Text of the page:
BBC Good Food ME|January 2020
Nestled between Albertville and the astounding Mont Blanc massif, the valley of Beaufortain in the region of Savoie, France is a mecca for skiers and winter sports aficionados. However, over the summer months, the region favours a different kind of tourism, one founded on one of the country’s most treasured products – cheese. In 2019, France’s revenue in the cheese segment amounted to over US $11m, making it the first in Europe and third globally, whilst the average per capita consumption stands at 17.9 kg in 2019, 15 kg over the global average, as revealed by Statista. There’s no doubt the French love cheese.
It is during a bright and warm day in August, amongst a herd of Tarentaise cows grazing undisturbed in one of Beaufortain’s biggest Alpages, that I find out the secret ingredients that make French cheeses some of the best in the world: tradition and heritage. “Being an Alpagist is not a job, it’s life,” tells us Christian Juglaret, owner of the vast alpine pasture.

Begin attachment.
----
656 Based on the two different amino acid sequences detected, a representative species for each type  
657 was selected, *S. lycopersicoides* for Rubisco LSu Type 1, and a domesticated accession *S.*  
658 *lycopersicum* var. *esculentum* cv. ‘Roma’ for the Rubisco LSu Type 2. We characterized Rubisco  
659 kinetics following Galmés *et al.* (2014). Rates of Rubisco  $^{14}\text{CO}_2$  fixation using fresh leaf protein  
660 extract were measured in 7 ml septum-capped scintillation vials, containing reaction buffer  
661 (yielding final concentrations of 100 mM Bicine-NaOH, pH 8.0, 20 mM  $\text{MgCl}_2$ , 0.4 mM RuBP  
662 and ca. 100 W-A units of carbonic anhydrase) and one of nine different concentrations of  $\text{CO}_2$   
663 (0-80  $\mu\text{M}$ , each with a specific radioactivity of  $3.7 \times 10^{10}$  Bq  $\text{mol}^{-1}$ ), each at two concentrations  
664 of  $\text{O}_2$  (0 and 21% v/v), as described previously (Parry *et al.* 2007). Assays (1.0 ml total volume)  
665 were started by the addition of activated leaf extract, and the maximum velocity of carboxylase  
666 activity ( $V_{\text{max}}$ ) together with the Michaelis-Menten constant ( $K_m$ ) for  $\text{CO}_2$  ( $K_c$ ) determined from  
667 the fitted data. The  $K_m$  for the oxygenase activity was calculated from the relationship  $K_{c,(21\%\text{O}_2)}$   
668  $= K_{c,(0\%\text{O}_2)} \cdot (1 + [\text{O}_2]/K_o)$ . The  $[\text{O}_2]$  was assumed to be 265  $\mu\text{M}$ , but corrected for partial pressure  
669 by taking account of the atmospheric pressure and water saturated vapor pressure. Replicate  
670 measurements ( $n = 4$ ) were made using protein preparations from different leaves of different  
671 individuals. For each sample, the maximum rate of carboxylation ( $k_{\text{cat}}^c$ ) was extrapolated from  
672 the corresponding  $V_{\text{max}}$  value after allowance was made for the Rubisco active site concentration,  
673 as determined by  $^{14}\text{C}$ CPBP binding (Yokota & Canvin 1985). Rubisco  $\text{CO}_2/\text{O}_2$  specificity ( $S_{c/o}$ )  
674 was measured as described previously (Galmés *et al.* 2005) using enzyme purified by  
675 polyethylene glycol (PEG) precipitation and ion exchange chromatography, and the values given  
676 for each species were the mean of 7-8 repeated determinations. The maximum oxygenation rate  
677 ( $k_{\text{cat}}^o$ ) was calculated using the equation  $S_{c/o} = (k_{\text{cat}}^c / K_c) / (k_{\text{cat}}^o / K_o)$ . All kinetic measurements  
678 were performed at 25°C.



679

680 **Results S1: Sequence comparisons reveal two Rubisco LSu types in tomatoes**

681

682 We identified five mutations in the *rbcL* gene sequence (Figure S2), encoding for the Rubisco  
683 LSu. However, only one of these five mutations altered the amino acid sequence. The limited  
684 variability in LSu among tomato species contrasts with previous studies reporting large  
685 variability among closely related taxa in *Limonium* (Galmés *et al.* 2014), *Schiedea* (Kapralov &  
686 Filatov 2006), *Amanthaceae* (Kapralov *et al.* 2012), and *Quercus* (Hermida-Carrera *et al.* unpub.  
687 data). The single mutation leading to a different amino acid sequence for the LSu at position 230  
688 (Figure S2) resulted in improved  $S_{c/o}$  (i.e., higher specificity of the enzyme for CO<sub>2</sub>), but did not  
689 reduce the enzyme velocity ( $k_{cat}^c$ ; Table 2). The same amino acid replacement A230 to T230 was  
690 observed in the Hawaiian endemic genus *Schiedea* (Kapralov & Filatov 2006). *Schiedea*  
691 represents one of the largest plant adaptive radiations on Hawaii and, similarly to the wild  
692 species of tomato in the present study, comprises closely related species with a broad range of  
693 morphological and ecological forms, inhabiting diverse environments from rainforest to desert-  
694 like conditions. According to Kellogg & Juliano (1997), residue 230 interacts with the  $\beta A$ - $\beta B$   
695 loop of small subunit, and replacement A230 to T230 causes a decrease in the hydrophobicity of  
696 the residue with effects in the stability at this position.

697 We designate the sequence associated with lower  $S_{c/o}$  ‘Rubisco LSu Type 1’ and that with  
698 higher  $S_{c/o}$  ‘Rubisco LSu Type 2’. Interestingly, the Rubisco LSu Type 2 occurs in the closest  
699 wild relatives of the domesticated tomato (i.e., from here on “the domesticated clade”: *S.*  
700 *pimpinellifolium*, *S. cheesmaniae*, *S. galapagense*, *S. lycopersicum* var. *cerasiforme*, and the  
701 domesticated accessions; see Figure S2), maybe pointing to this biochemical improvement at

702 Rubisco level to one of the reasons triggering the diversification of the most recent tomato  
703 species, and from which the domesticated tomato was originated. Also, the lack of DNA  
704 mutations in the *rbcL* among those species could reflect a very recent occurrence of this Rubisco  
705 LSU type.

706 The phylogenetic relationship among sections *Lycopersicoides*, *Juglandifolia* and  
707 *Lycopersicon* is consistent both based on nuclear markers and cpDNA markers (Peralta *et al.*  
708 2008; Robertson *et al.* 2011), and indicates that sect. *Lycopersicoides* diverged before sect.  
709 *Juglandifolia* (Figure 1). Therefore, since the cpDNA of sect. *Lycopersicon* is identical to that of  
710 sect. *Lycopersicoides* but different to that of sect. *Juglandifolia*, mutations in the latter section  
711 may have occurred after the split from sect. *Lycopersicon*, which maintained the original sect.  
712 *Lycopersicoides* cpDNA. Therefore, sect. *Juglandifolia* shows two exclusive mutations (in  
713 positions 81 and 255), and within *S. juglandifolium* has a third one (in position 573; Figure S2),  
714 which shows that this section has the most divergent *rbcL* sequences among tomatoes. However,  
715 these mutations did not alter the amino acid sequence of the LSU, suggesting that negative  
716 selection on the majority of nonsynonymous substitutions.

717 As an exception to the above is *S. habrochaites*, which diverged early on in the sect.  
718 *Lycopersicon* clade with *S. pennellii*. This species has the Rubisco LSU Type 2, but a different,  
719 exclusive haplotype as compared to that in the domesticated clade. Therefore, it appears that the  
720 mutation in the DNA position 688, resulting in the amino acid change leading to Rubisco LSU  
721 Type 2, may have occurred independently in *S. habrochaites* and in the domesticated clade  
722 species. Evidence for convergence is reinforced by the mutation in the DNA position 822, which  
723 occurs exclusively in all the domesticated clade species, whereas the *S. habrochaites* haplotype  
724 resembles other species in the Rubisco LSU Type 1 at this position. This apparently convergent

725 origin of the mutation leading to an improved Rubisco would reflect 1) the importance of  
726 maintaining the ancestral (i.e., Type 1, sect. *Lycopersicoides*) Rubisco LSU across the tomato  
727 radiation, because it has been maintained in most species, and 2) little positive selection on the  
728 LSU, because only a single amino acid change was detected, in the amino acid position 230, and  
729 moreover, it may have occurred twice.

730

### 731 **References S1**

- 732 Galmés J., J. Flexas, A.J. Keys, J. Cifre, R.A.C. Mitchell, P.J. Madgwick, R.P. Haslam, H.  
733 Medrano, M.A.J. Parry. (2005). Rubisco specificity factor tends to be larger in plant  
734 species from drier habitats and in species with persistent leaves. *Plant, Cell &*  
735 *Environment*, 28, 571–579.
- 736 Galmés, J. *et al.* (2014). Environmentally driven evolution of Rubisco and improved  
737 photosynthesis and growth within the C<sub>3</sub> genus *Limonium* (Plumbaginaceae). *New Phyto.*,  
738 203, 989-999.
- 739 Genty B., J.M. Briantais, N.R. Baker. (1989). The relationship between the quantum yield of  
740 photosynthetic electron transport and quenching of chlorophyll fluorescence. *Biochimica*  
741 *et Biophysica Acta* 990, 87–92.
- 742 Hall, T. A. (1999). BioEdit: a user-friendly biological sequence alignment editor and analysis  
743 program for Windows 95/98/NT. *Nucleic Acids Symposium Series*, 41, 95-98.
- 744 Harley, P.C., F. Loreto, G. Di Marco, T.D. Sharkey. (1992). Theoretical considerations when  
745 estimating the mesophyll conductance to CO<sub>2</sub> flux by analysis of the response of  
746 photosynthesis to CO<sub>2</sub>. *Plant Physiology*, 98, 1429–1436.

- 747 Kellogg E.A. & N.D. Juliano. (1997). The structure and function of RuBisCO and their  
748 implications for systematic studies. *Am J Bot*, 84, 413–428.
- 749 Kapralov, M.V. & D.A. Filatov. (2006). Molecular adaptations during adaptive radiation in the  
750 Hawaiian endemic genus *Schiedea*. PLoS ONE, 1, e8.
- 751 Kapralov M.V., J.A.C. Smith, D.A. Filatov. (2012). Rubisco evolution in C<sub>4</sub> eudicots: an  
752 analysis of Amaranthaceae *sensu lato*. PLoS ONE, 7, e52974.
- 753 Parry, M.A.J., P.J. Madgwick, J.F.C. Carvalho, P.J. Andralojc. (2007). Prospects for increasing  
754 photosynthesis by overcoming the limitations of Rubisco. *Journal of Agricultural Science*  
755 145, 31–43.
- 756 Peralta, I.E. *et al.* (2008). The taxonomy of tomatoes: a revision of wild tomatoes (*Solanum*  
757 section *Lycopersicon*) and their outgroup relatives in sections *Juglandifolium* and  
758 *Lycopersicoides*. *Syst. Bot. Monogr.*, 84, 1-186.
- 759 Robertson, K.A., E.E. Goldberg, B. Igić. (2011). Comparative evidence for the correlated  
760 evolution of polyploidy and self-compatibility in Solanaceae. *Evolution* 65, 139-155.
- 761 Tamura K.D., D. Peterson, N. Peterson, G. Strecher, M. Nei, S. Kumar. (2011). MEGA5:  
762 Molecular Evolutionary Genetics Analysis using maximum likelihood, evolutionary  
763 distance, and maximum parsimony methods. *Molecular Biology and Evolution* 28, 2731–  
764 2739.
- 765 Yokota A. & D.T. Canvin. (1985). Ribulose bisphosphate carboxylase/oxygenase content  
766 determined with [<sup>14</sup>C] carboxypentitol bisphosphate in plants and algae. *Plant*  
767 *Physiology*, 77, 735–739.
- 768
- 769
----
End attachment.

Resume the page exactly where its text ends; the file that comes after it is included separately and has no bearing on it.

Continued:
Juglaret is the president of the Coopérative Laitière de Haute-Tarentaise and an established producer of Beaufort, a flowery and buttery cheese named after the valley. As his father before him, he has dedicated his life to cheesemaking and lives in a chalet on the Alpages from June to November, which is when the temperature drops and the herd is brought back to its barns. A true Alpagist, Juglaret milks his cows twice a day, from the early hours until later in the day, before transporting the fresh milk to the production site in Bourg-Saint-Maurice, a small town at the bottom of the valley. To maintain the high mountain pasture’s precious biodiversity and prevent bushes from growing, the Alpagist needs to move the herd constantly – the Beaufort draws all its finesse and aromas from the grasslands and preserving the Alpage is a top priority for Juglaret. “Back in the day, when we produced Beaufort on site, the cheese had a different flavour depending on the location of the grazing. The cheese fully reflects what the cows are eating,” he explains.
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